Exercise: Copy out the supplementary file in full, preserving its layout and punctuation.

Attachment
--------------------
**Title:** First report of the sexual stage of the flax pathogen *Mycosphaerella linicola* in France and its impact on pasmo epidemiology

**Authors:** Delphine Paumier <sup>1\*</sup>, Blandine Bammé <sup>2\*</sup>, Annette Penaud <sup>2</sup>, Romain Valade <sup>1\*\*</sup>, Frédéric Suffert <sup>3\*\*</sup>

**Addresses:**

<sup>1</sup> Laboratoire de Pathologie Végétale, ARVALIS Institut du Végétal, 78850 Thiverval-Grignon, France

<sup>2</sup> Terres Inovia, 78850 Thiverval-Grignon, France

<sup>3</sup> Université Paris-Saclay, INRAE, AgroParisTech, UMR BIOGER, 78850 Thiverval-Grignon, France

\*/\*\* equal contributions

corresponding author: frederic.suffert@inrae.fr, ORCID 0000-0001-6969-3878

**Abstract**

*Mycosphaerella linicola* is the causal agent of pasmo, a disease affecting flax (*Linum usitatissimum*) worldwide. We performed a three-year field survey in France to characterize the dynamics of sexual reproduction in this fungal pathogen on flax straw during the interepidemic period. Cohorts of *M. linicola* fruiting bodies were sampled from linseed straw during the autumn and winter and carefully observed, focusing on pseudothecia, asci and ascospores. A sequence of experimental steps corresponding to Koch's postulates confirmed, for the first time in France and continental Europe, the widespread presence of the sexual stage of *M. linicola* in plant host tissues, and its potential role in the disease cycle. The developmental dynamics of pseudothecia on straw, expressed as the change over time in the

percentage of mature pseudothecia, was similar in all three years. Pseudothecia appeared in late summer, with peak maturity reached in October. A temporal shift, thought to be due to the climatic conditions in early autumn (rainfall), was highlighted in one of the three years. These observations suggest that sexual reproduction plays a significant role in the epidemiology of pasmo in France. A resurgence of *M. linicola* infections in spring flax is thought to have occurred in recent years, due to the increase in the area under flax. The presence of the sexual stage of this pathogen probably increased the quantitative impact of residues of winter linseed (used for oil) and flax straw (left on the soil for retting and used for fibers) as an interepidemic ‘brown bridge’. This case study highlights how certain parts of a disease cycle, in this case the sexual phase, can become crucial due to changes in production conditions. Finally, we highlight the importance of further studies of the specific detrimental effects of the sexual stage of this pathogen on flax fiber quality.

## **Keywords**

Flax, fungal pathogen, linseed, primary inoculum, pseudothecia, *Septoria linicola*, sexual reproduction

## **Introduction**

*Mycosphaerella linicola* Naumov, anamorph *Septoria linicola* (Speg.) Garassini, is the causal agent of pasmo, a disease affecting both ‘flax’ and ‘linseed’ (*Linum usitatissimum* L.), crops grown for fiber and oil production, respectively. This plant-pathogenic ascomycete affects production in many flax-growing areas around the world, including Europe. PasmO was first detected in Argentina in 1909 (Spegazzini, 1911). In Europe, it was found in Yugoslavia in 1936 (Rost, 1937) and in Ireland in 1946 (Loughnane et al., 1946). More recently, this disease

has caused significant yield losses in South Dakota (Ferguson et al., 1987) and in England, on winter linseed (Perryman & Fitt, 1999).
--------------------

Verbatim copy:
**Title:** First report of the sexual stage of the flax pathogen *Mycosphaerella linicola* in France and its impact on pasmo epidemiology

**Authors:** Delphine Paumier <sup>1\*</sup>, Blandine Bammé <sup>2\*</sup>, Annette Penaud <sup>2</sup>, Romain Valade <sup>1\*\*</sup>, Frédéric Suffert <sup>3\*\*</sup>

**Addresses:**

<sup>1</sup> Laboratoire de Pathologie Végétale, ARVALIS Institut du Végétal, 78850 Thiverval-Grignon, France

<sup>2</sup> Terres Inovia, 78850 Thiverval-Grignon, France

<sup>3</sup> Université Paris-Saclay, INRAE, AgroParisTech, UMR BIOGER, 78850 Thiverval-Grignon, France

\*/\*\* equal contributions

corresponding author: frederic.suffert@inrae.fr, ORCID 0000-0001-6969-3878

**Abstract**

*Mycosphaerella linicola* is the causal agent of pasmo, a disease affecting flax (*Linum usitatissimum*) worldwide. We performed a three-year field survey in France to characterize the dynamics of sexual reproduction in this fungal pathogen on flax straw during the interepidemic period. Cohorts of *M. linicola* fruiting bodies were sampled from linseed straw during the autumn and winter and carefully observed, focusing on pseudothecia, asci and ascospores. A sequence of experimental steps corresponding to Koch's postulates confirmed, for the first time in France and continental Europe, the widespread presence of the sexual stage of *M. linicola* in plant host tissues, and its potential role in the disease cycle. The developmental dynamics of pseudothecia on straw, expressed as the change over time in the

percentage of mature pseudothecia, was similar in all three years. Pseudothecia appeared in late summer, with peak maturity reached in October. A temporal shift, thought to be due to the climatic conditions in early autumn (rainfall), was highlighted in one of the three years. These observations suggest that sexual reproduction plays a significant role in the epidemiology of pasmo in France. A resurgence of *M. linicola* infections in spring flax is thought to have occurred in recent years, due to the increase in the area under flax. The presence of the sexual stage of this pathogen probably increased the quantitative impact of residues of winter linseed (used for oil) and flax straw (left on the soil for retting and used for fibers) as an interepidemic ‘brown bridge’. This case study highlights how certain parts of a disease cycle, in this case the sexual phase, can become crucial due to changes in production conditions. Finally, we highlight the importance of further studies of the specific detrimental effects of the sexual stage of this pathogen on flax fiber quality.

## **Keywords**

Flax, fungal pathogen, linseed, primary inoculum, pseudothecia, *Septoria linicola*, sexual reproduction

## **Introduction**

*Mycosphaerella linicola* Naumov, anamorph *Septoria linicola* (Speg.) Garassini, is the causal agent of pasmo, a disease affecting both ‘flax’ and ‘linseed’ (*Linum usitatissimum* L.), crops grown for fiber and oil production, respectively. This plant-pathogenic ascomycete affects production in many flax-growing areas around the world, including Europe. PasmO was first detected in Argentina in 1909 (Spegazzini, 1911). In Europe, it was found in Yugoslavia in 1936 (Rost, 1937) and in Ireland in 1946 (Loughnane et al., 1946). More recently, this disease

has caused significant yield losses in South Dakota (Ferguson et al., 1987) and in England, on winter linseed (Perryman & Fitt, 1999).